Utilising technologies like battery storage and demand response could save consumers £8bn a year, according to the government’s new National Infrastructure Commission (NIC).
The NIC is the government’s new advisory body on infrastucture. Its Smart Power report, released on 4 March, examined how the UK’s commercial electricity network could be made more flexible in facing future system challenges.
The study highlighted the potential for the UK to develop further electricity interconnection with other countries. The UK already has 4GW of interconnection to Ireland, France and the Netherlands, and the report said that these links were helping to reduce consumers’ bills. It noted that there was the scope for further links with Iceland and Norway.
The NIC therefore recommended that the government “redouble” its efforts to support new interconnectors.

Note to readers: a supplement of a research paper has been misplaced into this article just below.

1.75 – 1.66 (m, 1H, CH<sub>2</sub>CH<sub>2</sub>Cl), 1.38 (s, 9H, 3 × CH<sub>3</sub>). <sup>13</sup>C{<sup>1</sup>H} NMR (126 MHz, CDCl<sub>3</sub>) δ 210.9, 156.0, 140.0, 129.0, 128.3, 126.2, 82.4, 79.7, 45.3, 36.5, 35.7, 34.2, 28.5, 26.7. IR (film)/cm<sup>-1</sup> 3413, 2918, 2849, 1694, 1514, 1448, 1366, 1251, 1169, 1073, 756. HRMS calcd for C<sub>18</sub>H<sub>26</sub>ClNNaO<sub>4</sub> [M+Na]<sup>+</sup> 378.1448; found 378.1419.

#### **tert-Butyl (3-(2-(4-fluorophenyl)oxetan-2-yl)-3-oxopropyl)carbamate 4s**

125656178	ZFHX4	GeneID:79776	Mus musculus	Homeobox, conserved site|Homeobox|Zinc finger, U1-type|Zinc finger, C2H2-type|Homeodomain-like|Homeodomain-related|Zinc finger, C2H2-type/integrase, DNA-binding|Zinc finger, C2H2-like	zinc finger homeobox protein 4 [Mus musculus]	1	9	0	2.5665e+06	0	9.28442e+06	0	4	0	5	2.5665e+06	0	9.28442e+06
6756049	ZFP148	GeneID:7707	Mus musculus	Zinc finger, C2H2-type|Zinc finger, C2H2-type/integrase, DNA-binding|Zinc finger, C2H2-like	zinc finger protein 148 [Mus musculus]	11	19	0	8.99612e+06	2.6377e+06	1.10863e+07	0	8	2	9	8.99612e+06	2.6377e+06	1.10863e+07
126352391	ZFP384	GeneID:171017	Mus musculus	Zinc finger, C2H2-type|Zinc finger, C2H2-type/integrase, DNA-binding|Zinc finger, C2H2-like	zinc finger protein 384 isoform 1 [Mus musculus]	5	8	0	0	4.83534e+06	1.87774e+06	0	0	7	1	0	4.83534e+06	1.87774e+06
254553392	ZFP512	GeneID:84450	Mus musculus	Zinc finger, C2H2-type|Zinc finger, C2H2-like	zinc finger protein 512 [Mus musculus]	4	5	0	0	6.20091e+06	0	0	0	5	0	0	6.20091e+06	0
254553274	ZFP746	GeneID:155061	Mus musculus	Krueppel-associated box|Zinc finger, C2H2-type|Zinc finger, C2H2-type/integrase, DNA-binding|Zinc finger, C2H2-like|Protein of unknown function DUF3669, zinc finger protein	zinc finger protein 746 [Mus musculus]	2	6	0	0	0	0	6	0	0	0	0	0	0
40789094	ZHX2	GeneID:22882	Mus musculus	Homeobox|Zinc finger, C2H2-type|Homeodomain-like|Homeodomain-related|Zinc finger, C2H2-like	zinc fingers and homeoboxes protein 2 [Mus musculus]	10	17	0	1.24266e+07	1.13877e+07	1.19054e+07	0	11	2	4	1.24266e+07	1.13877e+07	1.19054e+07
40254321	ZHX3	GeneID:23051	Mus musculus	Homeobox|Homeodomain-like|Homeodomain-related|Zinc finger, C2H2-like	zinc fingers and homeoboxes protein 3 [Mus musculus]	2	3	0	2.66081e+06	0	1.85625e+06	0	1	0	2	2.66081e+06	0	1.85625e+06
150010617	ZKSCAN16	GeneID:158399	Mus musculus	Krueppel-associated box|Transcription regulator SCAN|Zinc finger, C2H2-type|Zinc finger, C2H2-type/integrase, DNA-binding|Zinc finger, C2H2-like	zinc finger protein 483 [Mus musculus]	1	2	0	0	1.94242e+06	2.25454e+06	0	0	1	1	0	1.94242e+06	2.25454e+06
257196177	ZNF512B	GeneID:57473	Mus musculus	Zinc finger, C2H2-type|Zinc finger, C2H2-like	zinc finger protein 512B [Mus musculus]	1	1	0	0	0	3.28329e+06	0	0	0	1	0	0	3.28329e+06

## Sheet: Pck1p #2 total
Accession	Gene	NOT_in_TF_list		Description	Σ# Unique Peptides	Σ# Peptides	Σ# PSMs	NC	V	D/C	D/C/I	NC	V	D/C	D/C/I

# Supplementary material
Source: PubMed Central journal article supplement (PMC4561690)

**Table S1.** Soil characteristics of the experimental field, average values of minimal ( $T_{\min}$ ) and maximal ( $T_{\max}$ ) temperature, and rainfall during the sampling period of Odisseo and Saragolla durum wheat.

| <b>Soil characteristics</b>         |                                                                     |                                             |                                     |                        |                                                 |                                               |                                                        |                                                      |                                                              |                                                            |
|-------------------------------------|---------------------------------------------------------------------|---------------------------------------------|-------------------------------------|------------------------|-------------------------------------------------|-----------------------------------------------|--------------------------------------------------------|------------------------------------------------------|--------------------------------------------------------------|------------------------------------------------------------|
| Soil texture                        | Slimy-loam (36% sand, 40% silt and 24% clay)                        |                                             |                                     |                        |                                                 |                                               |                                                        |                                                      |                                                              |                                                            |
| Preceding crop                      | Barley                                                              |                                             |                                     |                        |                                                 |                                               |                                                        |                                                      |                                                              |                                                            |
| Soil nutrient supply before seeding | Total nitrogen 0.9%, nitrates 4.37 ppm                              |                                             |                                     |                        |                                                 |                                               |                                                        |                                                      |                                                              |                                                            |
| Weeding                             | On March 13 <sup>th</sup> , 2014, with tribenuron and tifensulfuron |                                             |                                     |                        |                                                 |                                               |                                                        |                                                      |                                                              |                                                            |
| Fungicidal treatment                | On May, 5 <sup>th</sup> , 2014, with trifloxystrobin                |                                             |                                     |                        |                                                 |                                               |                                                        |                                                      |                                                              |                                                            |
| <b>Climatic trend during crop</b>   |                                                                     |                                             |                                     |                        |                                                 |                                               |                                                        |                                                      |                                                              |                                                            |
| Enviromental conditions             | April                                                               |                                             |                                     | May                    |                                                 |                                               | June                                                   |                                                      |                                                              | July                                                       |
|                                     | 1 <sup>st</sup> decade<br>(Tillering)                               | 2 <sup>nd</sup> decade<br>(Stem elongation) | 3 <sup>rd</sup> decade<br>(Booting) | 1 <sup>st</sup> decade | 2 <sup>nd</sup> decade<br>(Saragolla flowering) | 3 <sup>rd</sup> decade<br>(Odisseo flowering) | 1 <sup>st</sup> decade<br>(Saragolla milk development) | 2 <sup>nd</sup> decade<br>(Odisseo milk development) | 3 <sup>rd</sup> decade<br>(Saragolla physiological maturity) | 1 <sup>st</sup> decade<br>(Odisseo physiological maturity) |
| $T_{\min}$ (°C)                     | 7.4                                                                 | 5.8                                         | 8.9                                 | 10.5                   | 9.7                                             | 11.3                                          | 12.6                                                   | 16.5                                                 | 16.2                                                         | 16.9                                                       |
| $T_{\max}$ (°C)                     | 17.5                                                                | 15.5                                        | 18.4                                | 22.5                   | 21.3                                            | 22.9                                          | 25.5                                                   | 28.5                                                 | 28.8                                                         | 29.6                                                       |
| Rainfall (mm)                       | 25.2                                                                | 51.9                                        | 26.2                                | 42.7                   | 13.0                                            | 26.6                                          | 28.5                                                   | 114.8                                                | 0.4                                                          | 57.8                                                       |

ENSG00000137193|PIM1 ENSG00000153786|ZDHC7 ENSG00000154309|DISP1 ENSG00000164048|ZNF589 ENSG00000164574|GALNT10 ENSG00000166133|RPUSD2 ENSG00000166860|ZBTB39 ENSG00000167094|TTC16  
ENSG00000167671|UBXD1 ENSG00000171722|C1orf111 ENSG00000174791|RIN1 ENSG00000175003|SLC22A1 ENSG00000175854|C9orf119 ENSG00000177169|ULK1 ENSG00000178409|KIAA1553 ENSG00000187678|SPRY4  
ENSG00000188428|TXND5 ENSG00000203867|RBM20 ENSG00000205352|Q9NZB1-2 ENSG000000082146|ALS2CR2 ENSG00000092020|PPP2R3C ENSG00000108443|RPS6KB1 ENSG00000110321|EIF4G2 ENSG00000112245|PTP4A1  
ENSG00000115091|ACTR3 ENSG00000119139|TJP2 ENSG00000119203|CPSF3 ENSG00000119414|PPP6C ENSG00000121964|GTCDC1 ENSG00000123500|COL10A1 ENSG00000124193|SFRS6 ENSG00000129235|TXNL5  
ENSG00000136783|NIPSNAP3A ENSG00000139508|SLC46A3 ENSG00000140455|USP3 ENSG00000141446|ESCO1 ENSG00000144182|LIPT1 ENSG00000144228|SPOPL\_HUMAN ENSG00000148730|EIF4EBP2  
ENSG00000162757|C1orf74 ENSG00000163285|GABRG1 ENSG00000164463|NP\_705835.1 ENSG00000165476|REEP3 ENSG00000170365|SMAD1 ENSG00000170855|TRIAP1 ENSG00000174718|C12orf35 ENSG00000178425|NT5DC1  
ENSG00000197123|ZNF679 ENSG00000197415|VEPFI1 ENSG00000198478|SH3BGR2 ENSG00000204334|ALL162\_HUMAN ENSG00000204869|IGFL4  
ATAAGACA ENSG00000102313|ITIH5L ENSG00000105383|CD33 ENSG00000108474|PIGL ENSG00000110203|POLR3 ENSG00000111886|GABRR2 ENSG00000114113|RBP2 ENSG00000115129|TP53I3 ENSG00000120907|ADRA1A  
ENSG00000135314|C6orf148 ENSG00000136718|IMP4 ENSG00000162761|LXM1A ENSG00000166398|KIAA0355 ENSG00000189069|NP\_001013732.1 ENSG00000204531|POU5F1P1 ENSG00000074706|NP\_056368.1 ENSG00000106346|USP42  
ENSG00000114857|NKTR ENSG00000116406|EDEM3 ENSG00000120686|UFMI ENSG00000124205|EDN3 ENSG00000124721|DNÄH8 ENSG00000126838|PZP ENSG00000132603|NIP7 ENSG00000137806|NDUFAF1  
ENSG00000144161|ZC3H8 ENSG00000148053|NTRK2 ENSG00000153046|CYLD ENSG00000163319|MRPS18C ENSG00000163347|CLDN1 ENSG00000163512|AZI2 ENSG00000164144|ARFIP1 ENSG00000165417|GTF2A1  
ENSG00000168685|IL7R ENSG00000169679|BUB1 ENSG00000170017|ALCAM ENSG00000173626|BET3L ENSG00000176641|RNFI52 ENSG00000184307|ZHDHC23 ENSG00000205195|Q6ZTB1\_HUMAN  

The report further backed the deployment of grid-scale battery storage. This technology can store surplus electricity generated by renewables and release it for use when there is a need, thereby helping to overcome the problems caused by the intermittency of technologies such as wind and solar.
The NIC believed storage could become effective without subsidies, but was concerned that there were regulatory barriers to realising its benefits.
Focus on flexibility
The report also called on the government to establish a “level playing field” between flexible demand and traditional power generation. Some businesses already participate in the former; for example, turning down air-conditioning or refrigeration when demand is high.
Taken together, the benefits of creating a smarter more flexible system are high, as it would help to avoid investment in expensive new power generation projects. Analysis carried out for the NIC found that the implementation of the report’s findings could deliver benefits between £2.9bn/ year-£8.1bn/ year in 2030.
The report demonstrates how central, to the government’s policy planning, new technologies are becoming.